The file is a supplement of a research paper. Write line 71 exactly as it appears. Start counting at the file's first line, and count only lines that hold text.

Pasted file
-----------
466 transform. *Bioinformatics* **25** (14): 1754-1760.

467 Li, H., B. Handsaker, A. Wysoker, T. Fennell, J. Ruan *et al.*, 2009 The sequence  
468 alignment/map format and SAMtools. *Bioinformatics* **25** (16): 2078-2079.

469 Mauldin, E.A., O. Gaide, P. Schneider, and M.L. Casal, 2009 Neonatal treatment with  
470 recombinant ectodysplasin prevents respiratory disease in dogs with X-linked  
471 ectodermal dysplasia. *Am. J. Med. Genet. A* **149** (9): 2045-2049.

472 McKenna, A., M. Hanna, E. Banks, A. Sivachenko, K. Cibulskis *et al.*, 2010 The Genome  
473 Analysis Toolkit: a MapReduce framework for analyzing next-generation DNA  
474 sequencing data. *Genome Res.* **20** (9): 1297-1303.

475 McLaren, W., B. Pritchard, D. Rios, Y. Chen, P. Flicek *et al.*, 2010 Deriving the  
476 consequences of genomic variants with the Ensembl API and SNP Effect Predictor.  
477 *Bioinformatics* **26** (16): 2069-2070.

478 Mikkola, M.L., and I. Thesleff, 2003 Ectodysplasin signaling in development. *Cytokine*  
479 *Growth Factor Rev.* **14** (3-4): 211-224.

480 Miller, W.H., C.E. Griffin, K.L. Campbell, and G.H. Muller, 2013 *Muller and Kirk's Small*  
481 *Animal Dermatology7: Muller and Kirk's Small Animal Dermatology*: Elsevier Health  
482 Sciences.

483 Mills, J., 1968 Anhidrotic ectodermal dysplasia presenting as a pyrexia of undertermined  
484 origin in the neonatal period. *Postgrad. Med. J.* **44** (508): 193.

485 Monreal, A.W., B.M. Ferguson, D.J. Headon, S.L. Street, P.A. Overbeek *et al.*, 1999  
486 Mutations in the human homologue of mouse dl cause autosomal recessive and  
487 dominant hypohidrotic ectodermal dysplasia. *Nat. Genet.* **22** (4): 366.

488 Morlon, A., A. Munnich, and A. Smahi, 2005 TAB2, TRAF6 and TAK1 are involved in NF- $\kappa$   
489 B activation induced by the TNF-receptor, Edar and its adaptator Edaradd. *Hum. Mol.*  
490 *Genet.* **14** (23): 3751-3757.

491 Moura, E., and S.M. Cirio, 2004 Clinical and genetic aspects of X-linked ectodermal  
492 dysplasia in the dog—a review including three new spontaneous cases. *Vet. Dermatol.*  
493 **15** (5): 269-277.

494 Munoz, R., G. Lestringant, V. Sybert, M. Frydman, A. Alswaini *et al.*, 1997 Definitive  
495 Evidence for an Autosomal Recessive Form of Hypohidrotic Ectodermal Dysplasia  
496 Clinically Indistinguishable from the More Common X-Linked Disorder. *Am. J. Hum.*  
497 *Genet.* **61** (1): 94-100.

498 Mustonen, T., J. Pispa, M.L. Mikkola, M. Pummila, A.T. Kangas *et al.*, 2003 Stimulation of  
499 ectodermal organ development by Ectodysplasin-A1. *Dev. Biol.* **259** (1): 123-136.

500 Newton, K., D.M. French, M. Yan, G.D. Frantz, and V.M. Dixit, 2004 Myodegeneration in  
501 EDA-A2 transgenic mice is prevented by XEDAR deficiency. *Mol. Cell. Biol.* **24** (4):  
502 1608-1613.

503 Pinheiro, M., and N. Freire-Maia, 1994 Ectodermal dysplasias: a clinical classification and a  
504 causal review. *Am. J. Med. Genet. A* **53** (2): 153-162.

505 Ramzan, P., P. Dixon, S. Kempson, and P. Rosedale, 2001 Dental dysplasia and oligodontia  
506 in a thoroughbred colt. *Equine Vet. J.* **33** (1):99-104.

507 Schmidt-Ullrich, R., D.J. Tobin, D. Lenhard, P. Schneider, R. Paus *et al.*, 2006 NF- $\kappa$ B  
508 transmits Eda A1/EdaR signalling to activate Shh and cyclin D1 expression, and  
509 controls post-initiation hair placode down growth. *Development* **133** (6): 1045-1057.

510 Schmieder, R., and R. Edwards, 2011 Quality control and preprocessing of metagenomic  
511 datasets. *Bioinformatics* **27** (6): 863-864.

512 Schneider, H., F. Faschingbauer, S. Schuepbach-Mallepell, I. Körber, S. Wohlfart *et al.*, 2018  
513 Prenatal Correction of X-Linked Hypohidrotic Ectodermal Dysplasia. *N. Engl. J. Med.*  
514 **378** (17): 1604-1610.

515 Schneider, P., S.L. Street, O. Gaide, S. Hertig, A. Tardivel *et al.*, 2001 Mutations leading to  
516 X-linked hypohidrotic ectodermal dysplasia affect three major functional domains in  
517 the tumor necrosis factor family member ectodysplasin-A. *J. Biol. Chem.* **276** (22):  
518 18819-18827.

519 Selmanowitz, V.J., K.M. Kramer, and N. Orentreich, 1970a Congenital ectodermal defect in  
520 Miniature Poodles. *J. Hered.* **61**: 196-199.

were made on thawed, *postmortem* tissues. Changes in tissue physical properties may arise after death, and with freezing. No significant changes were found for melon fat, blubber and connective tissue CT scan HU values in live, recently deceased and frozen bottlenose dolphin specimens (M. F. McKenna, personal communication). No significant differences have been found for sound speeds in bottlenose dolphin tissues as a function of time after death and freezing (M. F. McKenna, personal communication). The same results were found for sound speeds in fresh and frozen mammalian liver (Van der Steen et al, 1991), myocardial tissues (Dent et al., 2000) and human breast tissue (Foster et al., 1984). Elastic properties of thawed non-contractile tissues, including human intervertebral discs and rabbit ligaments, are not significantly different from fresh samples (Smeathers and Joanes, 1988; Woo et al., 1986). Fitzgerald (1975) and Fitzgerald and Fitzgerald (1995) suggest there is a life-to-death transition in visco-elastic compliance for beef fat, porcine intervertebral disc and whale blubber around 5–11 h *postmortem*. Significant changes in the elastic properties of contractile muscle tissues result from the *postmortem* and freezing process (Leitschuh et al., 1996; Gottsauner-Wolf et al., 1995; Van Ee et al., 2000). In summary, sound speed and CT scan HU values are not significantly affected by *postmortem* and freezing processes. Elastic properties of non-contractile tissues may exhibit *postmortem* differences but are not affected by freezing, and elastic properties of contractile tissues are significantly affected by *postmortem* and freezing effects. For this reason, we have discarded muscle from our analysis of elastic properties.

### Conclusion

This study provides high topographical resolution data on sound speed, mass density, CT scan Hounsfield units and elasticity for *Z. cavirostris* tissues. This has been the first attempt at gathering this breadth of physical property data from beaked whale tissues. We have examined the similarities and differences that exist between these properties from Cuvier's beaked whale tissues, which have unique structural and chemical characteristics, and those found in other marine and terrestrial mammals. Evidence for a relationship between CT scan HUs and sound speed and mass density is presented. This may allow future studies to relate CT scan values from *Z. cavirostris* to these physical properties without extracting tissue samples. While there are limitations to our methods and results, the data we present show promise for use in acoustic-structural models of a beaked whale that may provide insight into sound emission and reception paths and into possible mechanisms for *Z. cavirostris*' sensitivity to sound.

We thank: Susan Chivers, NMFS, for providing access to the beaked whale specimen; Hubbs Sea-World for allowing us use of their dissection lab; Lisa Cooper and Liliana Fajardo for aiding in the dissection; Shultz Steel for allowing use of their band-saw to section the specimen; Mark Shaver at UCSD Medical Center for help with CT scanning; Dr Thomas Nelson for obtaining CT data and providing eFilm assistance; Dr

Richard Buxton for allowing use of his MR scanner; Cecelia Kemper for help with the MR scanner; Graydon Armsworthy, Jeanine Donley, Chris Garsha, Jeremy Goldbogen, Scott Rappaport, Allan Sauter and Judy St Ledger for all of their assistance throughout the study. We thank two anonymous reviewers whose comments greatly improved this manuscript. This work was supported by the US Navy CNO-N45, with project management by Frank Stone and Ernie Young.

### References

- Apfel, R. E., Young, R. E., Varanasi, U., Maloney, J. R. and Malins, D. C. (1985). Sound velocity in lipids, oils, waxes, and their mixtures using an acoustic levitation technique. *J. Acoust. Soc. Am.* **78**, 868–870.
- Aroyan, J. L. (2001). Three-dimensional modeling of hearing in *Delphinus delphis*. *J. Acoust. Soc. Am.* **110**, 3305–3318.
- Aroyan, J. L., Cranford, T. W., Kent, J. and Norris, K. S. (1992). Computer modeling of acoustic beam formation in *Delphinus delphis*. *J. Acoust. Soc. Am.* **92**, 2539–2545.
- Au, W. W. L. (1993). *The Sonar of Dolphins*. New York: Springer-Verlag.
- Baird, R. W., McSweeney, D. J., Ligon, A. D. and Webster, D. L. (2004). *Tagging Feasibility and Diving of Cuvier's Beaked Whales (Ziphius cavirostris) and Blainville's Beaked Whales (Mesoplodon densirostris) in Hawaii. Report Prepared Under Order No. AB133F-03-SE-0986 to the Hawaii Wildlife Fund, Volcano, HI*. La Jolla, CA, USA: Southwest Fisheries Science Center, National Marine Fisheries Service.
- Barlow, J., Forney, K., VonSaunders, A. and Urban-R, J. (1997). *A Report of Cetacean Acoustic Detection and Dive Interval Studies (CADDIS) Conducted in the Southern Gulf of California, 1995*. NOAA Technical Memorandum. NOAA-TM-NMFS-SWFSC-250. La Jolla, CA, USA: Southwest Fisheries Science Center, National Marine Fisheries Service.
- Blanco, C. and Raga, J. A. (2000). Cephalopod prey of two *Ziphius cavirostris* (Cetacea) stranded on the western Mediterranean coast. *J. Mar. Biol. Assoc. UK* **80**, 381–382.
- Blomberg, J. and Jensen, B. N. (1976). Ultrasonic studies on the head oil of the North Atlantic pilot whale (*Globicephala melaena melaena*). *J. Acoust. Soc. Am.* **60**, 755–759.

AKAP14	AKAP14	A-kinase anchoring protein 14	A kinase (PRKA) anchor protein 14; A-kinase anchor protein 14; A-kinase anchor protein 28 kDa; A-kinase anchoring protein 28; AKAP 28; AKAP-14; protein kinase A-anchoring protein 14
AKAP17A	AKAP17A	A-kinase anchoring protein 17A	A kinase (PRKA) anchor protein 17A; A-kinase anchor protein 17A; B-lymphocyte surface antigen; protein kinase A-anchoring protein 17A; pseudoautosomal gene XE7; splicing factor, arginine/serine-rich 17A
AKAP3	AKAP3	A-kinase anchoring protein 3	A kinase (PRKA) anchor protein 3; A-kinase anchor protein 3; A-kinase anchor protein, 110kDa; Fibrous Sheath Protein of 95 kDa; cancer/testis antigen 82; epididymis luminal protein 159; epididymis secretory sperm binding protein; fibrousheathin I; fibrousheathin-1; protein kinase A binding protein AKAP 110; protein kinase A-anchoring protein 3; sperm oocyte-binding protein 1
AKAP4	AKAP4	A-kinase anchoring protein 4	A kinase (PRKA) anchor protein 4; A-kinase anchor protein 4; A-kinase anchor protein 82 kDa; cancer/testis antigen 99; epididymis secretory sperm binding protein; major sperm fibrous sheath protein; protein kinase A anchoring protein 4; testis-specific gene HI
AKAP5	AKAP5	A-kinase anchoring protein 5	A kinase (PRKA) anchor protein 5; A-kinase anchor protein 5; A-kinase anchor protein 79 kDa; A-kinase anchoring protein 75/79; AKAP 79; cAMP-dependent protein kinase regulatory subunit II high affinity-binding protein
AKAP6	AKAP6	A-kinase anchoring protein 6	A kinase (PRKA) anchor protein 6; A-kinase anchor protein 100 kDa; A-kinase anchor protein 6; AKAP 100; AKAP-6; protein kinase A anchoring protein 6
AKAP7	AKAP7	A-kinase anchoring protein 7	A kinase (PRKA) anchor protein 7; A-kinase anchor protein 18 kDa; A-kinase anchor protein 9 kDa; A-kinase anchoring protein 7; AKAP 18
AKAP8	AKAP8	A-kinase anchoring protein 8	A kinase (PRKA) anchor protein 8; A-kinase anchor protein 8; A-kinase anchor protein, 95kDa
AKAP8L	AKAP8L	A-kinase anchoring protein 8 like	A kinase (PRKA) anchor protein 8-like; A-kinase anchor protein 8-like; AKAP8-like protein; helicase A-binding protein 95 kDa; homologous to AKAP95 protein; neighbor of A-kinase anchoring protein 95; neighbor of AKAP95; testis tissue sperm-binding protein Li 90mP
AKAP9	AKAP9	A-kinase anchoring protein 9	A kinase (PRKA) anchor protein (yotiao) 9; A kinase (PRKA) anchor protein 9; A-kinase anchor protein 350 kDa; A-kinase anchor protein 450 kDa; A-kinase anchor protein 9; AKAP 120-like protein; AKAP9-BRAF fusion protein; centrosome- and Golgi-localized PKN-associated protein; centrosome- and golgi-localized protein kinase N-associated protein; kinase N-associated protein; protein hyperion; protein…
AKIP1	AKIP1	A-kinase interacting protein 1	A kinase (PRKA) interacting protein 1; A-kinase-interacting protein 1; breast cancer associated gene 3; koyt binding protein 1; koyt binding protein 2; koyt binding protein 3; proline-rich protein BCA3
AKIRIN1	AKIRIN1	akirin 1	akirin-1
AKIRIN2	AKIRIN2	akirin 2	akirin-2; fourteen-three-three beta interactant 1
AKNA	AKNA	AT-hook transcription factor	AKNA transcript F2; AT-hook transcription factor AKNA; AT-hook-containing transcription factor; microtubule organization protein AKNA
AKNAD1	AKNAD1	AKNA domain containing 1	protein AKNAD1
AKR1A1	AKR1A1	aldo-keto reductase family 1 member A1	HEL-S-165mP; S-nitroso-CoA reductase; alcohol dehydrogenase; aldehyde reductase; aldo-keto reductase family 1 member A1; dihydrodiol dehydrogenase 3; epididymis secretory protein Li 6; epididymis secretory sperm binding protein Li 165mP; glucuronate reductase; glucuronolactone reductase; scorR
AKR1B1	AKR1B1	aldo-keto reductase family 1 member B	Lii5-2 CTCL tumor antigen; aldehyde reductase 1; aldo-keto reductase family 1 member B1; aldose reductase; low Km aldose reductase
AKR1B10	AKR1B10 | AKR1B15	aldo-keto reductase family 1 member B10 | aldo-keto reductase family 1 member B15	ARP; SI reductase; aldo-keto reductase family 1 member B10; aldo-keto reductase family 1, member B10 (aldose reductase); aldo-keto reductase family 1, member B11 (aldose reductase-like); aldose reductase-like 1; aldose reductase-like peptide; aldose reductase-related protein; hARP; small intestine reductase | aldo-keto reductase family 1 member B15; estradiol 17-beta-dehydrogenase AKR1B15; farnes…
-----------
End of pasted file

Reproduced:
AKAP17A	AKAP17A	A-kinase anchoring protein 17A	A kinase (PRKA) anchor protein 17A; A-kinase anchor protein 17A; B-lymphocyte surface antigen; protein kinase A-anchoring protein 17A; pseudoautosomal gene XE7; splicing factor, arginine/serine-rich 17A